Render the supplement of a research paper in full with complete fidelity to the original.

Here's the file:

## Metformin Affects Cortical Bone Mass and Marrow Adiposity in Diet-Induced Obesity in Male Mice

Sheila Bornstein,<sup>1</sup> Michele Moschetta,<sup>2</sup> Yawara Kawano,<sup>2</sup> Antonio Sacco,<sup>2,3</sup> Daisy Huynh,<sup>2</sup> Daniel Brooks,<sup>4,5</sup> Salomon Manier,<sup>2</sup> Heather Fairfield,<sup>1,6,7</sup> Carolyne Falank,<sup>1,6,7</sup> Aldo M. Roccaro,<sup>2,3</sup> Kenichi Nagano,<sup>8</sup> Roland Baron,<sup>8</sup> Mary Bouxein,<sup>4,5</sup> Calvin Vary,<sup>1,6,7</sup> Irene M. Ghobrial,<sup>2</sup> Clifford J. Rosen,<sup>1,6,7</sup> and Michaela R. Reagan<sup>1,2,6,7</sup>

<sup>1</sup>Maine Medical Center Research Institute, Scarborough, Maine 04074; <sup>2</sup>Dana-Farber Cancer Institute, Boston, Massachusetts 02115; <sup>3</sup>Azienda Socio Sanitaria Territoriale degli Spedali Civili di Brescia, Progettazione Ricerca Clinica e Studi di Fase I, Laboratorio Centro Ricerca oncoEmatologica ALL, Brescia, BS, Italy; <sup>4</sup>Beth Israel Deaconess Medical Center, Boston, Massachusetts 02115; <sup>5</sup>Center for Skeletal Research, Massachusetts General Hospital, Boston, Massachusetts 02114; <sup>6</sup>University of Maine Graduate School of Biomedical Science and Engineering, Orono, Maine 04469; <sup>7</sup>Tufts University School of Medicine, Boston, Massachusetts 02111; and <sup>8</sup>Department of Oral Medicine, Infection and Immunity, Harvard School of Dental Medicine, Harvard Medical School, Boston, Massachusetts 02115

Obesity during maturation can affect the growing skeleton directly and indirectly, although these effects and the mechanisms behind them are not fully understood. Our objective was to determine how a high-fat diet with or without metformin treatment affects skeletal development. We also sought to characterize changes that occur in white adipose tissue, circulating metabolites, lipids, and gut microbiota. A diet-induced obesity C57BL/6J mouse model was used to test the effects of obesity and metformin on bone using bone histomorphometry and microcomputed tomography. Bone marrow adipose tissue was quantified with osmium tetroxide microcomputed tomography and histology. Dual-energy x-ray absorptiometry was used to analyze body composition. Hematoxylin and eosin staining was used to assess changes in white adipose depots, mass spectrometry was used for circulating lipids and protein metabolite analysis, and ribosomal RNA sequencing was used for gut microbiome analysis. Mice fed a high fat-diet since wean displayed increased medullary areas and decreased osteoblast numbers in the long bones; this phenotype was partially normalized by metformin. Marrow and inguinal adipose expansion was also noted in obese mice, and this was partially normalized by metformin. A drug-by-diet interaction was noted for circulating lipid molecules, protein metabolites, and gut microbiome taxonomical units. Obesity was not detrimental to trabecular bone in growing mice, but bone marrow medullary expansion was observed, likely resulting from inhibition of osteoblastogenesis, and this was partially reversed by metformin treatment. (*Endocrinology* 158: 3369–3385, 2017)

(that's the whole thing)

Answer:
## Metformin Affects Cortical Bone Mass and Marrow Adiposity in Diet-Induced Obesity in Male Mice

Sheila Bornstein,<sup>1</sup> Michele Moschetta,<sup>2</sup> Yawara Kawano,<sup>2</sup> Antonio Sacco,<sup>2,3</sup> Daisy Huynh,<sup>2</sup> Daniel Brooks,<sup>4,5</sup> Salomon Manier,<sup>2</sup> Heather Fairfield,<sup>1,6,7</sup> Carolyne Falank,<sup>1,6,7</sup> Aldo M. Roccaro,<sup>2,3</sup> Kenichi Nagano,<sup>8</sup> Roland Baron,<sup>8</sup> Mary Bouxein,<sup>4,5</sup> Calvin Vary,<sup>1,6,7</sup> Irene M. Ghobrial,<sup>2</sup> Clifford J. Rosen,<sup>1,6,7</sup> and Michaela R. Reagan<sup>1,2,6,7</sup>

<sup>1</sup>Maine Medical Center Research Institute, Scarborough, Maine 04074; <sup>2</sup>Dana-Farber Cancer Institute, Boston, Massachusetts 02115; <sup>3</sup>Azienda Socio Sanitaria Territoriale degli Spedali Civili di Brescia, Progettazione Ricerca Clinica e Studi di Fase I, Laboratorio Centro Ricerca oncoEmatologica ALL, Brescia, BS, Italy; <sup>4</sup>Beth Israel Deaconess Medical Center, Boston, Massachusetts 02115; <sup>5</sup>Center for Skeletal Research, Massachusetts General Hospital, Boston, Massachusetts 02114; <sup>6</sup>University of Maine Graduate School of Biomedical Science and Engineering, Orono, Maine 04469; <sup>7</sup>Tufts University School of Medicine, Boston, Massachusetts 02111; and <sup>8</sup>Department of Oral Medicine, Infection and Immunity, Harvard School of Dental Medicine, Harvard Medical School, Boston, Massachusetts 02115

Obesity during maturation can affect the growing skeleton directly and indirectly, although these effects and the mechanisms behind them are not fully understood. Our objective was to determine how a high-fat diet with or without metformin treatment affects skeletal development. We also sought to characterize changes that occur in white adipose tissue, circulating metabolites, lipids, and gut microbiota. A diet-induced obesity C57BL/6J mouse model was used to test the effects of obesity and metformin on bone using bone histomorphometry and microcomputed tomography. Bone marrow adipose tissue was quantified with osmium tetroxide microcomputed tomography and histology. Dual-energy x-ray absorptiometry was used to analyze body composition. Hematoxylin and eosin staining was used to assess changes in white adipose depots, mass spectrometry was used for circulating lipids and protein metabolite analysis, and ribosomal RNA sequencing was used for gut microbiome analysis. Mice fed a high fat-diet since wean displayed increased medullary areas and decreased osteoblast numbers in the long bones; this phenotype was partially normalized by metformin. Marrow and inguinal adipose expansion was also noted in obese mice, and this was partially normalized by metformin. A drug-by-diet interaction was noted for circulating lipid molecules, protein metabolites, and gut microbiome taxonomical units. Obesity was not detrimental to trabecular bone in growing mice, but bone marrow medullary expansion was observed, likely resulting from inhibition of osteoblastogenesis, and this was partially reversed by metformin treatment. (*Endocrinology* 158: 3369–3385, 2017)